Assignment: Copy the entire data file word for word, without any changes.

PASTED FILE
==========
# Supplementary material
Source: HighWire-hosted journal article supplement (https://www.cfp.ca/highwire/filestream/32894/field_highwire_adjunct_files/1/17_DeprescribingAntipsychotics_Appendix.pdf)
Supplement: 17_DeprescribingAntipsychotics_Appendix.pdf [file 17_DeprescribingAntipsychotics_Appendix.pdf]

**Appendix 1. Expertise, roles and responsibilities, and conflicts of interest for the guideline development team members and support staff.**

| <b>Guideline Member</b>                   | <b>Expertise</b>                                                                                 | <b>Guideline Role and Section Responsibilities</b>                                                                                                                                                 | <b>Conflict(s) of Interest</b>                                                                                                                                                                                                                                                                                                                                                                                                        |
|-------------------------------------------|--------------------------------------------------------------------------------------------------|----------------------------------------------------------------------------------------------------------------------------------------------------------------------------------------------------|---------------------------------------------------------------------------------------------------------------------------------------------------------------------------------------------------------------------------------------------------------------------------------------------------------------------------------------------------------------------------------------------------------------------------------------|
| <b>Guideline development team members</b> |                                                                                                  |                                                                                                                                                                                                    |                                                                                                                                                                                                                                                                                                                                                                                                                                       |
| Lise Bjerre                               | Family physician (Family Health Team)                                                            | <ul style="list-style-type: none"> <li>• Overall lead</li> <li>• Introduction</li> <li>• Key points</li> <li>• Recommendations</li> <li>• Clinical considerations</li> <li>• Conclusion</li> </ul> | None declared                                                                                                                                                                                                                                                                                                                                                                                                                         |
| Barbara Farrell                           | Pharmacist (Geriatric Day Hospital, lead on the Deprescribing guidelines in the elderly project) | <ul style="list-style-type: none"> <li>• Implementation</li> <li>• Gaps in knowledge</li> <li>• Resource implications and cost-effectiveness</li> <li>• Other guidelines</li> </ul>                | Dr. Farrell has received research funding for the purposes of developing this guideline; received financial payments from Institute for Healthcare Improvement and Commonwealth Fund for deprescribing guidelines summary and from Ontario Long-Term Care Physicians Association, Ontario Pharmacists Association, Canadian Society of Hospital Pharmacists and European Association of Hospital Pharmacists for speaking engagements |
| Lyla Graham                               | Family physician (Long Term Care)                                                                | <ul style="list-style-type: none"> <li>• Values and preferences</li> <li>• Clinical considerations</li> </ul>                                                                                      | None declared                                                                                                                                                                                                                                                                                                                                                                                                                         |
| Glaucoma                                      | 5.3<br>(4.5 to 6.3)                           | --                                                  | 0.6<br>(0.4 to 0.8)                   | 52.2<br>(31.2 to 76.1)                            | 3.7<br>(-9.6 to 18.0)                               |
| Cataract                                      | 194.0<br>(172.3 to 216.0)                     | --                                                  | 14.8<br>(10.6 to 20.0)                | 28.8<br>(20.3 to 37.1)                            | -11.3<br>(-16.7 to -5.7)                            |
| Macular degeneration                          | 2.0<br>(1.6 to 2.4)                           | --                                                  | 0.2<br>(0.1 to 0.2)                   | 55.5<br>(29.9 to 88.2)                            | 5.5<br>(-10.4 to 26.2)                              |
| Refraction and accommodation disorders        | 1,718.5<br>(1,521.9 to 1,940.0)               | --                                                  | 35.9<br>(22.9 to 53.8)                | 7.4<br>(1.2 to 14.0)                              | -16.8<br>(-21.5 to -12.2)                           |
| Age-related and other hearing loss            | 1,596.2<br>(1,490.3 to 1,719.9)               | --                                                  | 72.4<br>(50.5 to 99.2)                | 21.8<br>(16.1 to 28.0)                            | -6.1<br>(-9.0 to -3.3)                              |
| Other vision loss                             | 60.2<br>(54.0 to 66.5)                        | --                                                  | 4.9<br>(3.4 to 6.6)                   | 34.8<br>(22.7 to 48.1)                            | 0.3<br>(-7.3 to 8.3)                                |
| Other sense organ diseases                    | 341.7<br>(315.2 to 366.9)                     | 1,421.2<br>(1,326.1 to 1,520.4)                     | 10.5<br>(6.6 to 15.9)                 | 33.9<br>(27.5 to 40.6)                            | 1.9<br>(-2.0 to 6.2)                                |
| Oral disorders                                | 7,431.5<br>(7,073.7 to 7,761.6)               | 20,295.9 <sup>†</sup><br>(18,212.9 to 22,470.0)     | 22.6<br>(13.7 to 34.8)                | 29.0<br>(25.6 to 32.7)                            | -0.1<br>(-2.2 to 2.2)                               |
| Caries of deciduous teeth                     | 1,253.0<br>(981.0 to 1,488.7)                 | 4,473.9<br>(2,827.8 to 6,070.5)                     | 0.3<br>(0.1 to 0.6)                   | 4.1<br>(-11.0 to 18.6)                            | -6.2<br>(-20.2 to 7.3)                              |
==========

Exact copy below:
# Supplementary material
Source: HighWire-hosted journal article supplement (https://www.cfp.ca/highwire/filestream/32894/field_highwire_adjunct_files/1/17_DeprescribingAntipsychotics_Appendix.pdf)
Supplement: 17_DeprescribingAntipsychotics_Appendix.pdf [file 17_DeprescribingAntipsychotics_Appendix.pdf]

**Appendix 1. Expertise, roles and responsibilities, and conflicts of interest for the guideline development team members and support staff.**

| <b>Guideline Member</b>                   | <b>Expertise</b>                                                                                 | <b>Guideline Role and Section Responsibilities</b>                                                                                                                                                 | <b>Conflict(s) of Interest</b>                                                                                                                                                                                                                                                                                                                                                                                                        |
|-------------------------------------------|--------------------------------------------------------------------------------------------------|----------------------------------------------------------------------------------------------------------------------------------------------------------------------------------------------------|---------------------------------------------------------------------------------------------------------------------------------------------------------------------------------------------------------------------------------------------------------------------------------------------------------------------------------------------------------------------------------------------------------------------------------------|
| <b>Guideline development team members</b> |                                                                                                  |                                                                                                                                                                                                    |                                                                                                                                                                                                                                                                                                                                                                                                                                       |
| Lise Bjerre                               | Family physician (Family Health Team)                                                            | <ul style="list-style-type: none"> <li>• Overall lead</li> <li>• Introduction</li> <li>• Key points</li> <li>• Recommendations</li> <li>• Clinical considerations</li> <li>• Conclusion</li> </ul> | None declared                                                                                                                                                                                                                                                                                                                                                                                                                         |
| Barbara Farrell                           | Pharmacist (Geriatric Day Hospital, lead on the Deprescribing guidelines in the elderly project) | <ul style="list-style-type: none"> <li>• Implementation</li> <li>• Gaps in knowledge</li> <li>• Resource implications and cost-effectiveness</li> <li>• Other guidelines</li> </ul>                | Dr. Farrell has received research funding for the purposes of developing this guideline; received financial payments from Institute for Healthcare Improvement and Commonwealth Fund for deprescribing guidelines summary and from Ontario Long-Term Care Physicians Association, Ontario Pharmacists Association, Canadian Society of Hospital Pharmacists and European Association of Hospital Pharmacists for speaking engagements |
| Lyla Graham                               | Family physician (Long Term Care)                                                                | <ul style="list-style-type: none"> <li>• Values and preferences</li> <li>• Clinical considerations</li> </ul>                                                                                      | None declared                                                                                                                                                                                                                                                                                                                                                                                                                         |
| Glaucoma                                      | 5.3<br>(4.5 to 6.3)                           | --                                                  | 0.6<br>(0.4 to 0.8)                   | 52.2<br>(31.2 to 76.1)                            | 3.7<br>(-9.6 to 18.0)                               |
| Cataract                                      | 194.0<br>(172.3 to 216.0)                     | --                                                  | 14.8<br>(10.6 to 20.0)                | 28.8<br>(20.3 to 37.1)                            | -11.3<br>(-16.7 to -5.7)                            |
| Macular degeneration                          | 2.0<br>(1.6 to 2.4)                           | --                                                  | 0.2<br>(0.1 to 0.2)                   | 55.5<br>(29.9 to 88.2)                            | 5.5<br>(-10.4 to 26.2)                              |
| Refraction and accommodation disorders        | 1,718.5<br>(1,521.9 to 1,940.0)               | --                                                  | 35.9<br>(22.9 to 53.8)                | 7.4<br>(1.2 to 14.0)                              | -16.8<br>(-21.5 to -12.2)                           |
| Age-related and other hearing loss            | 1,596.2<br>(1,490.3 to 1,719.9)               | --                                                  | 72.4<br>(50.5 to 99.2)                | 21.8<br>(16.1 to 28.0)                            | -6.1<br>(-9.0 to -3.3)                              |
| Other vision loss                             | 60.2<br>(54.0 to 66.5)                        | --                                                  | 4.9<br>(3.4 to 6.6)                   | 34.8<br>(22.7 to 48.1)                            | 0.3<br>(-7.3 to 8.3)                                |
| Other sense organ diseases                    | 341.7<br>(315.2 to 366.9)                     | 1,421.2<br>(1,326.1 to 1,520.4)                     | 10.5<br>(6.6 to 15.9)                 | 33.9<br>(27.5 to 40.6)                            | 1.9<br>(-2.0 to 6.2)                                |
| Oral disorders                                | 7,431.5<br>(7,073.7 to 7,761.6)               | 20,295.9 <sup>†</sup><br>(18,212.9 to 22,470.0)     | 22.6<br>(13.7 to 34.8)                | 29.0<br>(25.6 to 32.7)                            | -0.1<br>(-2.2 to 2.2)                               |
| Caries of deciduous teeth                     | 1,253.0<br>(981.0 to 1,488.7)                 | 4,473.9<br>(2,827.8 to 6,070.5)                     | 0.3<br>(0.1 to 0.6)                   | 4.1<br>(-11.0 to 18.6)                            | -6.2<br>(-20.2 to 7.3)                              |